dtrace: description 'syscall::open:entry ' matched 2 probes
CPU     ID                    FUNCTION:NAME
  0 278139                         :tick-1s
  __pthread_sigmask                                               156
  lstat64                                                         190
  sendto                                                          310
  recvfrom                                                        315
  write                                                           502
  stat64                                                          503
  madvise                                                         841
  select                                                         1176
  sigaltstack                                                    2550
  sigprocmask                                                    2550

  0 278139                         :tick-1s
  __pthread_sigmask                                                71
  poll                                                             98
  sendto                                                          111
  recvfrom                                                        113
  write                                                           189
  lstat64                                                         205
  select                                                          387
  stat64                                                          388
  sigaltstack                                                     926
  sigprocmask                                                     926

Now open doesn't even make it into the top 10 system calls, which is a heck of a lot better than seeing it dominate at 100k calls per second! Running the whole suite a couple of times under each version confirmed that this pays off in the real world:

Baseline (1.9.3-p194) Updated (1.9.3-p286)
Trial 1 661s 297s
Trial 2 665s 305s

So with a one-line configuration change, whether we decide to bump the Ruby patch-level version or to bump just Psych (as expected, both worked), we're the proud new owners of a five-minute test suite. Some teammates had even more dramatic results, with the speedup looking closer to 3x than "just" 2x. Waiting five minutes to know I haven't broken the tests is still longer than I'd like, but we've got a nice payoff for a few hours' investment.

Understanding the problem: it's the real thing

I want to circle back a bit and emphasize here that while the specific issue that caused the slowdown is interesting, much more interesting is that we went from a vague feeling of "these tests are too slow," to having some idea what resource(s) might be the bottleneck, to finding a large amount of unexpected work being done, to determining that work was unnecessary. And only at that last point, once we understood the problem, did it become appropriate to pick a solution. [3] I definitely could have started right off with my laundry list of slow Rails test suite antidotes, and that was my initial instinct, unfortunately. But it would have taken an order of magnitude longer, and I never would have found this particular issue. If you look at the numbers, the end result would've definitely been worse than we got here.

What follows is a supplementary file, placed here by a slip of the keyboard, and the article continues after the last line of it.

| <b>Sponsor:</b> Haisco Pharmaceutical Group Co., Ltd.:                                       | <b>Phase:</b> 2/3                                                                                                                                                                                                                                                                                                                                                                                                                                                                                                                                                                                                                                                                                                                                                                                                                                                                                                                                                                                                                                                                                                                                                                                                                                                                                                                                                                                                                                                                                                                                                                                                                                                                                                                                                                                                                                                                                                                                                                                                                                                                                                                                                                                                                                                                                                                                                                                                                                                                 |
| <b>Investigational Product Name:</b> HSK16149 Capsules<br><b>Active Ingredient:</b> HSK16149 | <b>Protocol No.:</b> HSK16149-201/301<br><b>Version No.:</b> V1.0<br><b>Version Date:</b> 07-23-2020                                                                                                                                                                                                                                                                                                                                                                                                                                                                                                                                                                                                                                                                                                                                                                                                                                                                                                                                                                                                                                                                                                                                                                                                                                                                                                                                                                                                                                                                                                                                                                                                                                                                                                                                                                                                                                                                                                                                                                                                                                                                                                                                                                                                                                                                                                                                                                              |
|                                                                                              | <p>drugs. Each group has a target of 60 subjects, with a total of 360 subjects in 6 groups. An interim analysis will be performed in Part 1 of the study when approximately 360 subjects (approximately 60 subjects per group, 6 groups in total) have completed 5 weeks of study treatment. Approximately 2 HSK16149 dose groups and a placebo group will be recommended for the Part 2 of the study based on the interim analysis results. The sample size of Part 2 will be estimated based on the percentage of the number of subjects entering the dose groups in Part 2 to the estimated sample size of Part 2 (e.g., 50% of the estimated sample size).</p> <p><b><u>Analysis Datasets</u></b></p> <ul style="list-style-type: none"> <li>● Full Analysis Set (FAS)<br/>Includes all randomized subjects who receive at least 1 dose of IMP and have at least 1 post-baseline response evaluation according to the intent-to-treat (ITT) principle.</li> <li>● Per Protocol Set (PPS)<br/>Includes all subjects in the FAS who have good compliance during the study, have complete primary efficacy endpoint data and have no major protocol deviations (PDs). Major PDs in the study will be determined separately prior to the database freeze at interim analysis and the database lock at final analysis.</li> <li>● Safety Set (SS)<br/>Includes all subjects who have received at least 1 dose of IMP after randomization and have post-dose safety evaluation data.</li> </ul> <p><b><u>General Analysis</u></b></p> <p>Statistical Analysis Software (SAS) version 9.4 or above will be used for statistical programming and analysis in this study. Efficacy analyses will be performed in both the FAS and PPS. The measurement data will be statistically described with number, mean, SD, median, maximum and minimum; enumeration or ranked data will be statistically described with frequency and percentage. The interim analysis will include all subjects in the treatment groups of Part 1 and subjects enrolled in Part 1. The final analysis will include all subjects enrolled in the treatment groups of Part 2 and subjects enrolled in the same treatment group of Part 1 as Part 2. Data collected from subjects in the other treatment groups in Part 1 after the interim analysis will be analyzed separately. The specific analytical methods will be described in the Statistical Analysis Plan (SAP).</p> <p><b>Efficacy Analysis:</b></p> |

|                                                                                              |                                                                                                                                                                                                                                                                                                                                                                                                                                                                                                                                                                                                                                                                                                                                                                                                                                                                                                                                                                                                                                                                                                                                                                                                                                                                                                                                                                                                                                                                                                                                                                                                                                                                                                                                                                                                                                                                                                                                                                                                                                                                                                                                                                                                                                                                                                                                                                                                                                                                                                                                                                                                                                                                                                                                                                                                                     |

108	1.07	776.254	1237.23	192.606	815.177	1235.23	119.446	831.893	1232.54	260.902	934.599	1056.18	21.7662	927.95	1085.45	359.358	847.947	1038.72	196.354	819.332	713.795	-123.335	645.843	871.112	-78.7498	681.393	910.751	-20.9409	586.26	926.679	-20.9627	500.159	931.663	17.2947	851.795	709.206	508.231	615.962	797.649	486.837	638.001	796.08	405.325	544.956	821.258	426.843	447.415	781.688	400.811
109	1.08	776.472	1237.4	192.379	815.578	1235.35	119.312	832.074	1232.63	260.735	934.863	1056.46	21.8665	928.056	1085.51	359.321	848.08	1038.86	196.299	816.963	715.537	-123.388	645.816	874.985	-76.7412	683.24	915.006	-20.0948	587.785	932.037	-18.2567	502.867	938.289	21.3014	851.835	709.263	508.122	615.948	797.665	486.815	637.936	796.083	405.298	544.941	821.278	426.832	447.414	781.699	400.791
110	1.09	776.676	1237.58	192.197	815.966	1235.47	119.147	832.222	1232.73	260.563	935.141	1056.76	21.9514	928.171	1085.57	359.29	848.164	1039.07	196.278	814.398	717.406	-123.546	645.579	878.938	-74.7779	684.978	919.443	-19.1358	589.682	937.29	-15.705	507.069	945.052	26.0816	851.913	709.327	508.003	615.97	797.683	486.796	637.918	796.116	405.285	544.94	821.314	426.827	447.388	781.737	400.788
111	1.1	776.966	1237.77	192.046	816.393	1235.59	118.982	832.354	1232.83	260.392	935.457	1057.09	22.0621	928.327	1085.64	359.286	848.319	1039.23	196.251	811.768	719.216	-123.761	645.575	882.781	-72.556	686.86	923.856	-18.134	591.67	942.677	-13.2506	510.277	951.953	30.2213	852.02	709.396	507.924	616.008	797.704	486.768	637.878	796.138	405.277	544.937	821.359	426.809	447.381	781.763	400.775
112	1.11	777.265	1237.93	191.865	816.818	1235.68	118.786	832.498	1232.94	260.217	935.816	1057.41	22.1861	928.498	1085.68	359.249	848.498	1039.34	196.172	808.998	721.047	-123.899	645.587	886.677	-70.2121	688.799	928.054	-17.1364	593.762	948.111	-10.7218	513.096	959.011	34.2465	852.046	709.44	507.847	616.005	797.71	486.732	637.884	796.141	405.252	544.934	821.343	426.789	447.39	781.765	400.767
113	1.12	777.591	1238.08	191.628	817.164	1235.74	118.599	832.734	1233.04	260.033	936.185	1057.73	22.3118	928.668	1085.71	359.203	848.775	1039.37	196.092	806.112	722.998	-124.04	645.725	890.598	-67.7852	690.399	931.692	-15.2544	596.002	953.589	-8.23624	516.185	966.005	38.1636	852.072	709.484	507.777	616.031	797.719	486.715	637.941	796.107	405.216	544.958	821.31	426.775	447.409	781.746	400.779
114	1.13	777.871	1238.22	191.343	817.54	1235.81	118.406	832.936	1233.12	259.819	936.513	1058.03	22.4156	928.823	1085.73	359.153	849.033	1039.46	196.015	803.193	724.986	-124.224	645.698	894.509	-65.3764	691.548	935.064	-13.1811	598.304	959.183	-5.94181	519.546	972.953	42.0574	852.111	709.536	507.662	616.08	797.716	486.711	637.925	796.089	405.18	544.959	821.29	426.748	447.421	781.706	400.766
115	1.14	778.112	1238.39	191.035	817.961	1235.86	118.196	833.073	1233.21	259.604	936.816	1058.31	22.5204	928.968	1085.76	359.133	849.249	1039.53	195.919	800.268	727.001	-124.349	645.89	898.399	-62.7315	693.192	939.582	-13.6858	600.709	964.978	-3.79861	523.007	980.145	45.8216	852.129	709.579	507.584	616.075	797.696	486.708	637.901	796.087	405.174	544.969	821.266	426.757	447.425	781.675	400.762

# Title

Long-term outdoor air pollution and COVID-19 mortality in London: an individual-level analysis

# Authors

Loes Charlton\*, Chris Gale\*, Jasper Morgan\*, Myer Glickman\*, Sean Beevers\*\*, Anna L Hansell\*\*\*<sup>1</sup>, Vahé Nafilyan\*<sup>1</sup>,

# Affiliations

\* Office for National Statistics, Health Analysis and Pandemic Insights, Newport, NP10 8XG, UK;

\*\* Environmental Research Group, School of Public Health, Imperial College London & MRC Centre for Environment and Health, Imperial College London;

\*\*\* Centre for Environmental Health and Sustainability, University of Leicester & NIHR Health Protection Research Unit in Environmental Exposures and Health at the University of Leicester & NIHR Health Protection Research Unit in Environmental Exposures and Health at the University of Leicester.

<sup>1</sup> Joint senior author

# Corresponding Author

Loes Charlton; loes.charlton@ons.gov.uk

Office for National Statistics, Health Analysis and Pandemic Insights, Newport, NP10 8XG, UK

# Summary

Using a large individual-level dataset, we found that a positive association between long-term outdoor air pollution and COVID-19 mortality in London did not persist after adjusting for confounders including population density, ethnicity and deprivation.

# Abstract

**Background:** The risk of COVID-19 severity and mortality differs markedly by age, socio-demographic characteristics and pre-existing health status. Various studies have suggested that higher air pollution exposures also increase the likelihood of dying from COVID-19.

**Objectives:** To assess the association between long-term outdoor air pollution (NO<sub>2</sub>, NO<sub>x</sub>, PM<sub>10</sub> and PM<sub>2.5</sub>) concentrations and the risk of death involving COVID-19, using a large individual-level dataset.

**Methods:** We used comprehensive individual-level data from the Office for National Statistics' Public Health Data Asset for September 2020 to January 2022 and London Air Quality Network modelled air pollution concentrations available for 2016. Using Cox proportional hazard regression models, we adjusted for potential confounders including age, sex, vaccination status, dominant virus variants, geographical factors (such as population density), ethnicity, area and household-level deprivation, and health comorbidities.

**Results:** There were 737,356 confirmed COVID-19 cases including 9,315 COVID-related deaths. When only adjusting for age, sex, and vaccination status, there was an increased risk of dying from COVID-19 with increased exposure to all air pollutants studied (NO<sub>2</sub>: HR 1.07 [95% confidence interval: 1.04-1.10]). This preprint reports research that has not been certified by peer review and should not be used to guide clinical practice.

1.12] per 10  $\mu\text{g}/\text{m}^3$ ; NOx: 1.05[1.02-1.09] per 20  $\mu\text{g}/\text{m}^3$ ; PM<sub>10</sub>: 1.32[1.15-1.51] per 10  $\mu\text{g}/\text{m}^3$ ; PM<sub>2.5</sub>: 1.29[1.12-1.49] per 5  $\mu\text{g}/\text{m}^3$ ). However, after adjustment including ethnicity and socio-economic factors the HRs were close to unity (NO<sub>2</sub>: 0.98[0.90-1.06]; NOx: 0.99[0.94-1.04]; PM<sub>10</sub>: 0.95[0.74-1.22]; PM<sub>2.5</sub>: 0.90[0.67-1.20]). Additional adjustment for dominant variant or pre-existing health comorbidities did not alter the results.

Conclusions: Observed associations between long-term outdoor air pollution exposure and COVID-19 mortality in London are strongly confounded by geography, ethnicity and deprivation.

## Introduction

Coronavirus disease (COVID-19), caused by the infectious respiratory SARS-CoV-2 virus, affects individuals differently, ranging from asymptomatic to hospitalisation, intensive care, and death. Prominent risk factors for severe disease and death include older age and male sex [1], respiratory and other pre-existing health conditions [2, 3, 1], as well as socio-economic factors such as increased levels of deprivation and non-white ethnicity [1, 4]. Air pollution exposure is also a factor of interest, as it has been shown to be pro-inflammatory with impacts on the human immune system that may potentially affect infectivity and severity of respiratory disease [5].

It's a lesson I'm still learning, but collecting actual data about the performance problem itself can give us a lot more insight (for cheaper) than trying out a bunch of solutions. And if you've got DTrace or something comparable, it sure makes gathering that data a lot easier and a lot more fun!

Notes

[1] If you watch a typical DTrace presentation, ustack() works great even with languages that have managed runtimes, because it's on a Solaris machine and not on OS X. And as I've come to learn, ustack helpers are the thing that's there on Solaris/illumos and not on OS X. You can see in our ustack() example above that many of the stack frames are things like ruby`vm_call_method+0x3bc—this tells us that we called some method, but not what method was called. It'd be nice to be able to get that information in ustack(), but alas, it doesn't seem to be possible on any OS X release.

[2] I haven't investigated this question more closely, but would love to hear from you if you know why this could be! I suspected at one point that there were flags being passed to open that avoided any errors, but a quick check with DTrace showed that there were no flags being set. On similar test runs under the same Ruby version (days later), I didn't see this behavior anymore, so there may be something intermittent involved.

[3] Stuart Halloway gave a great talk on debugging at Clojure/conj this year (the first one I've missed attending in person, to my shame). I don't think it directly influenced this process, but I loved the talk and I'm probably unconsciously reframing some of the ideas Stuart outlines there—I highly recommend you check it out.

Colin Jones, Chief Technology Officer

Colin Jones is particularly interested in web security, distributed systems, performance, and functional programming.